How Italians sold ice cream to the masses in Vienna

Residents of the Austrian capital have queued for more than 130 years to sample the Italian ice cream of the Molin-Pradel family, one of Vienna's oldest gelato dynasties.

How Italians sold ice cream to the masses in Vienna
Molin-Pradel family Ice-cream parlour is pictured at Schwedenplatz square in Vienna, Austria. credit: JOE KLAMAR / AFP

“He helped democratise ice cream, which before was reserved for the wealthy,” Silvio Molin-Pradel says of his great-great-grandfather Arcangelo, who began selling it out of pushcarts in Vienna in 1886.

More than a century later, ice cream consumption among Austrians is higher than in neighbouring Italy.

And it was entrepreneurs like Arcangelo Molin-Pradel, born into poverty in northern Italy’s Dolomite Alps, who were among the first to benefit from the sweet tooth of the Viennese.

The high cost of sugar, milk and refrigeration — years before electric freezing was invented — meant ice cream was long reserved for aristocrats.

But ingenious Italians like the Molin-Pradels changed that, producing ice cream based on water and fruit extract.

Ice cream migration

Originally from Zoldo,  six hours from Vienna by car these days, the Molin-Pradels, like other families, were so poor that migrating for seasonal work was part of life — whether to work as seafarers, lumberjacks or ice cream makers.

Vienna became one of the ice cream makers’ first destinations outside Italy, says Maren Moehring, a history professor at the University of Leipzig in Germany.

The Italian migrants’ “frozen stuff” as some called it quickly became popular with ordinary Viennese.

This sparked the ire of Austrian bakers, who perceived them as “dangerous competition”, Moehring says.

In 1894, the ice cream makers got the right to open shops in Vienna rather than just selling ice cream from carts.

“The Viennese were already used to sweets… so it wasn’t hard to then serve this cold product,” Molin-Pradel, who keeps his recipes a secret, tells AFP as he stands in the back of his salon at Schwedenplatz.

At the central, tree-lined square in the heart of Vienna, the family still produces artisanal ice cream.

Each day in summer, about 5,000 customers order from dozens of flavours, ranging from traditional ones like chocolate and vanilla to avocado, lavender and hemp.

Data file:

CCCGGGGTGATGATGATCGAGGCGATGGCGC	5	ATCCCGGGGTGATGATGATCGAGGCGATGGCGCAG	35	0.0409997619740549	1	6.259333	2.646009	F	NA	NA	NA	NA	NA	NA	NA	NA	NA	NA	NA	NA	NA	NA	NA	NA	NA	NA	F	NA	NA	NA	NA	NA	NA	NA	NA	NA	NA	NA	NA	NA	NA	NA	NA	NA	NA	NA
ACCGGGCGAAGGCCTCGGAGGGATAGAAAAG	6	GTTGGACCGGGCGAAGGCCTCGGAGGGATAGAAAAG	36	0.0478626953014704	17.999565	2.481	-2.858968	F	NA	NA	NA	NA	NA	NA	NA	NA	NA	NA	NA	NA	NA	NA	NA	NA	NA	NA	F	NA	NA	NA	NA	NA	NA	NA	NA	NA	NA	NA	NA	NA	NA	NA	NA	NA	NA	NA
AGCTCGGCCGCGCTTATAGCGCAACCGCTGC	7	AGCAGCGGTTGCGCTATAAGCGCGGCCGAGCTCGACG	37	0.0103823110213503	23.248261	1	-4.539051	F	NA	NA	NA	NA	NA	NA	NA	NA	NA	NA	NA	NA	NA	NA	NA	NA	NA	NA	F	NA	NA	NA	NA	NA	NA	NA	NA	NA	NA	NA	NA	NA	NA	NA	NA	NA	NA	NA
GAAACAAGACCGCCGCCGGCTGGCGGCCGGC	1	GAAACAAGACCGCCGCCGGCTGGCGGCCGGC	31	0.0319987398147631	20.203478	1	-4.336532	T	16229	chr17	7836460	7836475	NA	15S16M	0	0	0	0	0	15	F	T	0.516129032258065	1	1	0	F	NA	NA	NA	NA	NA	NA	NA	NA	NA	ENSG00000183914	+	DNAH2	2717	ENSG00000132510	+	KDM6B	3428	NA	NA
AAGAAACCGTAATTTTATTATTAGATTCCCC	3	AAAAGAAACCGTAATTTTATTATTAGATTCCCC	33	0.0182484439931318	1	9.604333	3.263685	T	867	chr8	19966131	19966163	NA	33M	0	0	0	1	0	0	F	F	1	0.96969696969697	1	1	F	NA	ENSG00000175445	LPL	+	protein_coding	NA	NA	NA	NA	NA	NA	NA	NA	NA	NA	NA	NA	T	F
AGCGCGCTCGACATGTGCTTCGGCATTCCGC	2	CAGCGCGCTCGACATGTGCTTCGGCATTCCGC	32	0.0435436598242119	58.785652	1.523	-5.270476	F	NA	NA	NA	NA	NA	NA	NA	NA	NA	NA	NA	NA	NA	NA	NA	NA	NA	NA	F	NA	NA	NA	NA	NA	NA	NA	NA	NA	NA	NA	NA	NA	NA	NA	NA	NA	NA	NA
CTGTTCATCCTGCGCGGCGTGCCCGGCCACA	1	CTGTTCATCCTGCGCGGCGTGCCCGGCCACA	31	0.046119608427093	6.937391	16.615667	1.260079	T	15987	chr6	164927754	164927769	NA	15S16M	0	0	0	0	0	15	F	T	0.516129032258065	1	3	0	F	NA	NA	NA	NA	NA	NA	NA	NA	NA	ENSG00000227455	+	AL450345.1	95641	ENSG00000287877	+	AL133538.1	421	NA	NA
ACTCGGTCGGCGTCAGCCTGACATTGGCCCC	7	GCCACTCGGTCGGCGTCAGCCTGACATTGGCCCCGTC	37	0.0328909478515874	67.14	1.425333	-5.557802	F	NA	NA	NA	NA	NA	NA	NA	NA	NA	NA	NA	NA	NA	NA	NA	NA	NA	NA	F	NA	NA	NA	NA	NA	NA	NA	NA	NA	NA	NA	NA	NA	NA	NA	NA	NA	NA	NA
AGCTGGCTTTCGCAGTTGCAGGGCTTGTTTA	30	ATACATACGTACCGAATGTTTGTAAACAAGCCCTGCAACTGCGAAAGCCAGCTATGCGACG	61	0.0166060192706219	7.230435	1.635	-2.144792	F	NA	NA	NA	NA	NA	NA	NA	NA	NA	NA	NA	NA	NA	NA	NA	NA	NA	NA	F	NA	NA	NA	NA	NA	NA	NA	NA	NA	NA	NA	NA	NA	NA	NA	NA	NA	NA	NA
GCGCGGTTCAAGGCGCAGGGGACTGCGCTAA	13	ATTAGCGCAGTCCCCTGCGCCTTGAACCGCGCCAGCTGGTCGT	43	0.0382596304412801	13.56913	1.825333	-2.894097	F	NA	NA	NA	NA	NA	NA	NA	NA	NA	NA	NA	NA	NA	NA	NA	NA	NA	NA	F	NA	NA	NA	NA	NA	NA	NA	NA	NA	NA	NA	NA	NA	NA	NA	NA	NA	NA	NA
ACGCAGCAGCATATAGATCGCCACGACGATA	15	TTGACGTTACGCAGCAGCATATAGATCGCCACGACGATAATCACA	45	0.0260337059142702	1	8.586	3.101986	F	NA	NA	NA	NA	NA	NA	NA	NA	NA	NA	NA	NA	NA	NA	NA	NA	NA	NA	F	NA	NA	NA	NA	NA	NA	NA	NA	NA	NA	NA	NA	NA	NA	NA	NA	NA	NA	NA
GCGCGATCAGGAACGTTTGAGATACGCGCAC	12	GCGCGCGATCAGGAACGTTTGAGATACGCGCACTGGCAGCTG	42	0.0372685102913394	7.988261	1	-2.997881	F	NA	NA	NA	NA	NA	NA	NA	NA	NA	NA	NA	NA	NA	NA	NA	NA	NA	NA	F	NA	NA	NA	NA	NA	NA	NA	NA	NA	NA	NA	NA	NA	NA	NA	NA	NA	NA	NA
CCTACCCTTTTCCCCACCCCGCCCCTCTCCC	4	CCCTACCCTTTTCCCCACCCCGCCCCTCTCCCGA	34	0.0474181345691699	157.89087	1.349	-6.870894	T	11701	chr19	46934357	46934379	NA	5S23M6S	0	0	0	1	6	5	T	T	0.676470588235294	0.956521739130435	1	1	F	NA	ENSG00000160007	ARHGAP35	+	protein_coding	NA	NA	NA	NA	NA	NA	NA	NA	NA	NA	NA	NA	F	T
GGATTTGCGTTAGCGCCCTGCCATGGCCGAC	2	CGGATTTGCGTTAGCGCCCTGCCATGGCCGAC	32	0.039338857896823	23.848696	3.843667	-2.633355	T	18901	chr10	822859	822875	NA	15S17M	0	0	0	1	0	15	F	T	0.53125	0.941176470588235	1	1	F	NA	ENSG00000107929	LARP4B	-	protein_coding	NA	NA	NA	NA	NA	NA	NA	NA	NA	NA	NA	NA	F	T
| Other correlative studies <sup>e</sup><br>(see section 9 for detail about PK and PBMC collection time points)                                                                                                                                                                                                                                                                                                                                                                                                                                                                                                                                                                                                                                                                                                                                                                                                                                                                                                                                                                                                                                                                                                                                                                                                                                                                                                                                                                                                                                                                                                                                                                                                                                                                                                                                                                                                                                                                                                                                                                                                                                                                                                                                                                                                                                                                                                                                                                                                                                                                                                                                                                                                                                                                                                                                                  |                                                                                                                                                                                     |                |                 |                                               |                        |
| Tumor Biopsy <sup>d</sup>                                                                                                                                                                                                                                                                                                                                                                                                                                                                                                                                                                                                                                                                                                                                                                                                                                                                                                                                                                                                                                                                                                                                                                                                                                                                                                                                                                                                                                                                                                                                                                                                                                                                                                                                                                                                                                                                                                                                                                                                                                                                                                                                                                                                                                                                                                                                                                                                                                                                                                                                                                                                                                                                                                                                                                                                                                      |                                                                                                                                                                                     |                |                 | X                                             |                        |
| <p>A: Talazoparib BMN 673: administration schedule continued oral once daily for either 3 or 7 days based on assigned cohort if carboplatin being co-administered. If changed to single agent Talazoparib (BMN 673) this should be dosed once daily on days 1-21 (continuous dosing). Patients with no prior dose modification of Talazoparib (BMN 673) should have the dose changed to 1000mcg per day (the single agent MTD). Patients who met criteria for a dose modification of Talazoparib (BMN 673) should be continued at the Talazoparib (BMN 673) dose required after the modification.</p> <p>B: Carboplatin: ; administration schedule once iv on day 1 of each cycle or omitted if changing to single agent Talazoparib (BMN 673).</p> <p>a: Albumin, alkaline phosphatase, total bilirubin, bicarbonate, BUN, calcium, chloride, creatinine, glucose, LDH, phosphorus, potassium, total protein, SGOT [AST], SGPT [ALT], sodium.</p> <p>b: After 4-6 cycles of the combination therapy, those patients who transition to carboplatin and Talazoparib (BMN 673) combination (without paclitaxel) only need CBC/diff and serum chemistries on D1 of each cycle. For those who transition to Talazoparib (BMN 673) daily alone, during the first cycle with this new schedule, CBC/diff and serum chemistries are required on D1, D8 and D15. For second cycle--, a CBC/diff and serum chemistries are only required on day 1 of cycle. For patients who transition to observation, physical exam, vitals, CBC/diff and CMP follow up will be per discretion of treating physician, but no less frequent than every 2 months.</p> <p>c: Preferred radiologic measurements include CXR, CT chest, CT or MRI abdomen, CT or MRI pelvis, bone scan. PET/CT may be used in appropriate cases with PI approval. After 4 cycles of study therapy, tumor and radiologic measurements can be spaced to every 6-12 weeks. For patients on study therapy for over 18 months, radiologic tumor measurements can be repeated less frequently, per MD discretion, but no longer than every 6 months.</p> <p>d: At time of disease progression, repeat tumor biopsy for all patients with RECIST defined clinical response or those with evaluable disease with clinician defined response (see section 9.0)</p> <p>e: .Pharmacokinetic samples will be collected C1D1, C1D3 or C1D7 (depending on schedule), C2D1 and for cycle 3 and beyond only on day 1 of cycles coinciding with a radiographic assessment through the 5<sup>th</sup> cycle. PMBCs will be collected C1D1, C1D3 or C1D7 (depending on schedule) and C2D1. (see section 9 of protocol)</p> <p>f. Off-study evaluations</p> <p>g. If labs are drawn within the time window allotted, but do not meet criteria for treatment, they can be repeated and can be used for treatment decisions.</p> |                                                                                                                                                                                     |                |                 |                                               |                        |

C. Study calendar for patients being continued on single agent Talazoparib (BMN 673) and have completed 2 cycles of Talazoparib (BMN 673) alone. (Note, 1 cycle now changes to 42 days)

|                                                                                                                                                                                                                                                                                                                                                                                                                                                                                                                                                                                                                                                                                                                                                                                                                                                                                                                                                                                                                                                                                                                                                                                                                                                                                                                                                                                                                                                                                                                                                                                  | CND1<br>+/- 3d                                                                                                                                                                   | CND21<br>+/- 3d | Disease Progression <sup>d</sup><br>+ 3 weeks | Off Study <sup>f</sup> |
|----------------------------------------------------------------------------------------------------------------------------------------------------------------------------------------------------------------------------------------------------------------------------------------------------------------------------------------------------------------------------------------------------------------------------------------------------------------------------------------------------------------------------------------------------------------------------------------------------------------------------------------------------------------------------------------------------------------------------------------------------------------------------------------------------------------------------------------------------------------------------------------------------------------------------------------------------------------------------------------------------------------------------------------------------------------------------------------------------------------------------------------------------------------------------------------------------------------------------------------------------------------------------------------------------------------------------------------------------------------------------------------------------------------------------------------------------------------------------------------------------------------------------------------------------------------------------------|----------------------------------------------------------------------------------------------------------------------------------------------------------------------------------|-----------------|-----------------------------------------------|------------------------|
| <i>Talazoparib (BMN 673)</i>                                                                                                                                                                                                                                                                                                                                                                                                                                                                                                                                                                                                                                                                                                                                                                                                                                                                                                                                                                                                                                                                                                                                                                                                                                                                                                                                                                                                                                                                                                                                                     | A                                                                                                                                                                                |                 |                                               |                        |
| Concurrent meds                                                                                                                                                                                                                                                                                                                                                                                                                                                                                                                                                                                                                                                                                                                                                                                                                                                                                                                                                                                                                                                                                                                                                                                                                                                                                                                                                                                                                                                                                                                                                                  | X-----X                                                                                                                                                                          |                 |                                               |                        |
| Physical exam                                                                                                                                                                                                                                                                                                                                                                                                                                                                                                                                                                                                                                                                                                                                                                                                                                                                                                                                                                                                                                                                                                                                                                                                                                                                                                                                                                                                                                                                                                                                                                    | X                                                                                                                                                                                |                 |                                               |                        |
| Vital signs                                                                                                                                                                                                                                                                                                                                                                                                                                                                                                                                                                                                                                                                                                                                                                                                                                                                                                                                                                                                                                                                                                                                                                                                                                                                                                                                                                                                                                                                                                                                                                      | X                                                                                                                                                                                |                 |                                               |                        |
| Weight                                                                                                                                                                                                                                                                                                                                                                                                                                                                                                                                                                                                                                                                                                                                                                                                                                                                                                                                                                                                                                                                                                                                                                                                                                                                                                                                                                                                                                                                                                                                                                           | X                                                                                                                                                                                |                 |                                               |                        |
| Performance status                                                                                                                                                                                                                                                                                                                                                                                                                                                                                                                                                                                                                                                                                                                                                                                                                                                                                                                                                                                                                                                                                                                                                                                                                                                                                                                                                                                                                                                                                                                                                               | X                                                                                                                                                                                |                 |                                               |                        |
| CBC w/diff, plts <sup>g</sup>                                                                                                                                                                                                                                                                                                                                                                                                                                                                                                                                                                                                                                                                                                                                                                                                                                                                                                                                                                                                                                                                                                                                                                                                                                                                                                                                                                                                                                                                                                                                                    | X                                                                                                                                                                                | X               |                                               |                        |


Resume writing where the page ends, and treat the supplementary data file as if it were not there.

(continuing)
READ MORE: How to spot good quality gelato in Italy – and how to suss out flops

“Every Viennese will tell you that ‘their’ Italian ice cream maker is better,” says Molin-Pradel.

“The colours must be pastel. It is a guarantee of quality,” he says, adding that the business has expanded, including selling their ice cream through some Vienna supermarkets.

Lasting tradition

Out of roughly 370 ice cream shops in Austria, about 40 are still run by Italians in the small Alpine nation of almost nine million people, according to the Austrian Economic Chamber.

Its data also show that Austria boasts an average per capita consumption of more than 60 scoops per year, or about eight litres of ice cream – more than in Italy, with an average consumption of six litres.

From one generation to the next, the gelato makers’ skills and knowledge were passed on, “which explains their success”, Moehring says.

While ice cream makers in earlier times would typically return to Italy to take care of the harvests in the Alps by mid-August, today the season lasts well into October.

Even today, Pradel-Molin goes on a pilgrimage to his ancestral home of Zoldo at the end of each season.

It’s still his source of inspiration to keep up with the latest flavours and other industry secrets, he says.

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Antipasto to amaro: What to expect from every step of an Italian dinner

Whether you're going out to dinner in Italy or have been invited to over to a friend or extended family member's home, here's what to expect from an Italian meal.

Antipasto to amaro: What to expect from every step of an Italian dinner

More humble and less fussy than French cuisine, Italy’s cucina povera (literally, ‘kitchen of the poor’) tradition employs minimal ingredients, prioritising fresh local produce over complex techniques.